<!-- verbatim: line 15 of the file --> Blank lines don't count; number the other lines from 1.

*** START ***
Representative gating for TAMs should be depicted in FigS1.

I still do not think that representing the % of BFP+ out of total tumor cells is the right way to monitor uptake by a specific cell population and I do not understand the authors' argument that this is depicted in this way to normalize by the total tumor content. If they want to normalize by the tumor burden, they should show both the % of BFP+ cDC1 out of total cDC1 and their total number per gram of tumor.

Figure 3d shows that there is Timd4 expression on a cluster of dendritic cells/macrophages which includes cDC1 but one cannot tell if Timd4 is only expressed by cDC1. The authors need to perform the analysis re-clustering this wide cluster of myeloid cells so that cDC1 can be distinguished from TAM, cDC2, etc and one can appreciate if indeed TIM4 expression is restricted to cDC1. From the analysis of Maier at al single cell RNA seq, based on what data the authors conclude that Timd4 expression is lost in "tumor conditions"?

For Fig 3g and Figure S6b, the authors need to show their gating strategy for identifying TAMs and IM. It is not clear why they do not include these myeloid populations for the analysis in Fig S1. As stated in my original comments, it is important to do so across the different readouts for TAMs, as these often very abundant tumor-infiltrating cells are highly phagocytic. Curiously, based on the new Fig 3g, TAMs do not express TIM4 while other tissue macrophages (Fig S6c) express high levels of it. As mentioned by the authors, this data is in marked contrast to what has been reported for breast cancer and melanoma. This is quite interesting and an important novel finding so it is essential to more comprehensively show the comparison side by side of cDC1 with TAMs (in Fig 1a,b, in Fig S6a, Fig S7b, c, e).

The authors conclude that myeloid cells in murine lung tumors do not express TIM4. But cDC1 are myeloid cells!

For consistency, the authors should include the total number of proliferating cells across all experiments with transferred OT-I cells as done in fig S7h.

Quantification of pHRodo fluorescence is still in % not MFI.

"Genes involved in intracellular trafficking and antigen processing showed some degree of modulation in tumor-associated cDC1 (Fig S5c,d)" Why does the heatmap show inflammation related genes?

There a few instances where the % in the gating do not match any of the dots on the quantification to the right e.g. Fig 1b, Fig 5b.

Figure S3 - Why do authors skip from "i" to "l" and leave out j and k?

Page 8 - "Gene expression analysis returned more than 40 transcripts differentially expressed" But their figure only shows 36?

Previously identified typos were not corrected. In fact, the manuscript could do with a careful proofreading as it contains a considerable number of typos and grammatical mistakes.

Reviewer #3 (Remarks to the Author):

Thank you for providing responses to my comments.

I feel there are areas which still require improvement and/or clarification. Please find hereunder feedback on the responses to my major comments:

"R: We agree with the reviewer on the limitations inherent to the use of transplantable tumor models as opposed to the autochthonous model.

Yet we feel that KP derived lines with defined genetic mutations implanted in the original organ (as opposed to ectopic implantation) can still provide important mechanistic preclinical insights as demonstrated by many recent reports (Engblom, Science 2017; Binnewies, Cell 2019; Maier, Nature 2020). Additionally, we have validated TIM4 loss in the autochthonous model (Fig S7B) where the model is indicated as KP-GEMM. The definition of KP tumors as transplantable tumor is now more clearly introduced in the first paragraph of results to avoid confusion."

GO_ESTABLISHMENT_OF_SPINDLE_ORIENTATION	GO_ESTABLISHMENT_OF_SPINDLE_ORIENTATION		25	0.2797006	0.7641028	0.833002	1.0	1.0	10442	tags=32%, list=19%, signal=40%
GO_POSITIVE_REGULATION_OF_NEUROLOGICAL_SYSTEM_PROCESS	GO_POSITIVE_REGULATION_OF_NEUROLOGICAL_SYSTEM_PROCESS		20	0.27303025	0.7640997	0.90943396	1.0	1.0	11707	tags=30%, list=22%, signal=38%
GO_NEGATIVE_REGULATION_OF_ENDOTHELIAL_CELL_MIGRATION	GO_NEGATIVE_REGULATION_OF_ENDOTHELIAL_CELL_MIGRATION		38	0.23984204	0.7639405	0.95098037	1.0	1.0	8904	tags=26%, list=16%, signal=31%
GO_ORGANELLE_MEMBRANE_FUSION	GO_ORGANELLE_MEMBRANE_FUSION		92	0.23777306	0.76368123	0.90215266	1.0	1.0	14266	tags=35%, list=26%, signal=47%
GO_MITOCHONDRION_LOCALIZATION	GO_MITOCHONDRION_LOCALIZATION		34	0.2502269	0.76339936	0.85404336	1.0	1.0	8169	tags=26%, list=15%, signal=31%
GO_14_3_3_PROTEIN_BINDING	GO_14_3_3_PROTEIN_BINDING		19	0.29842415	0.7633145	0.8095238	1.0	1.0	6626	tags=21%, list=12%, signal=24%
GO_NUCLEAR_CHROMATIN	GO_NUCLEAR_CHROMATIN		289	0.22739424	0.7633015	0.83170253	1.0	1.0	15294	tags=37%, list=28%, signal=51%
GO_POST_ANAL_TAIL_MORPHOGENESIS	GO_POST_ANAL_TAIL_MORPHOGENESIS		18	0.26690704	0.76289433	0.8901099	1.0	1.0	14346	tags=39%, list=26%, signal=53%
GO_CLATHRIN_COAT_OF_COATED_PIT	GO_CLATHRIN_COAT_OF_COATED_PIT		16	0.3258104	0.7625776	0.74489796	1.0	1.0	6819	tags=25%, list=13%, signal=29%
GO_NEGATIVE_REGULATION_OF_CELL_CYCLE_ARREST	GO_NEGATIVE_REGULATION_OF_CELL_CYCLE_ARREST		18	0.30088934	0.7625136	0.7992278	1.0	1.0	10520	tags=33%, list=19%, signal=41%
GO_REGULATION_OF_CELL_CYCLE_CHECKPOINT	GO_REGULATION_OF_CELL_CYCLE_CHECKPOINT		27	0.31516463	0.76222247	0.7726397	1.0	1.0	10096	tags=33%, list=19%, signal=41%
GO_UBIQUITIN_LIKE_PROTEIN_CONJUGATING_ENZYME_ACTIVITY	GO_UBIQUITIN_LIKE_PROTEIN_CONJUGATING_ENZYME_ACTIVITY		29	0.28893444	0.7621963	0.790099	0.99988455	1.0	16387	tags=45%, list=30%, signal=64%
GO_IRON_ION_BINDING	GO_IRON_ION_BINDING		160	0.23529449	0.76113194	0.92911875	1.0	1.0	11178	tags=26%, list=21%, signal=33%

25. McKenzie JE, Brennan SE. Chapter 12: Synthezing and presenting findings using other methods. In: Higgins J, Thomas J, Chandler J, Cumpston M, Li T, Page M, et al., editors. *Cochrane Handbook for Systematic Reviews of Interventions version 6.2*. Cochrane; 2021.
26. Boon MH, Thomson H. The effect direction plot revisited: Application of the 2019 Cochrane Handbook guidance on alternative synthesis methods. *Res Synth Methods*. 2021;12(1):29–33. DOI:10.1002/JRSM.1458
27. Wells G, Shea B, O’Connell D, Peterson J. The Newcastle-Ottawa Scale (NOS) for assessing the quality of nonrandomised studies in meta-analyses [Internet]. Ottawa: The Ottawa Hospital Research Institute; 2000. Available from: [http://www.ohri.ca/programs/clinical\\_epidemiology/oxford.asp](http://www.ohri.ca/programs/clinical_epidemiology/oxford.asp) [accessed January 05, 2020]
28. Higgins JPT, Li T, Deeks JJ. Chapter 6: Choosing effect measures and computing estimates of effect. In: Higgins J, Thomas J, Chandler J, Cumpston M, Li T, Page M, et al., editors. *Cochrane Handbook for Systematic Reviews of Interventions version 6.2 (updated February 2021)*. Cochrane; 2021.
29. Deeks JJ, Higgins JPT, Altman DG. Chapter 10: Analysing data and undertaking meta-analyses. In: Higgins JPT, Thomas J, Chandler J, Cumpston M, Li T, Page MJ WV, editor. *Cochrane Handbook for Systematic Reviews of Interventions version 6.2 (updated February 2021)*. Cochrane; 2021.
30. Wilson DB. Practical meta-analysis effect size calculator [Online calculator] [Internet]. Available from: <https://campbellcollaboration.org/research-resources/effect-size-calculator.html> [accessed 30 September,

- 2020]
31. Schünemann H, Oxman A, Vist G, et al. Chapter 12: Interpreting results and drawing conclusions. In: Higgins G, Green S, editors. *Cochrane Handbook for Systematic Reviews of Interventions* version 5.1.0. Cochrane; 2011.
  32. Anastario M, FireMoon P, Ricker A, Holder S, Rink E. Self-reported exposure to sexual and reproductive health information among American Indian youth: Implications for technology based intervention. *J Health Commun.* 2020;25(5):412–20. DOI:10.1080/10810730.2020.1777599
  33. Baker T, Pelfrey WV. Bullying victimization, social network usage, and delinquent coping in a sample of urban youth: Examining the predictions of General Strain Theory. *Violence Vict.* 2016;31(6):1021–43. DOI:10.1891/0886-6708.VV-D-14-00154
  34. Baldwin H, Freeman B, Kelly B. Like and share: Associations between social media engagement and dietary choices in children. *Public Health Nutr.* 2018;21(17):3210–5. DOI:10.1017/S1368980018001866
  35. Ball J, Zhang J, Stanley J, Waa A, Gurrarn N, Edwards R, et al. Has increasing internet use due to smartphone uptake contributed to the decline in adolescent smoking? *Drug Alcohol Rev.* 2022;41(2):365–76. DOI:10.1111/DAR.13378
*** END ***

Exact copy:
I feel there are areas which still require improvement and/or clarification. Please find hereunder feedback on the responses to my major comments: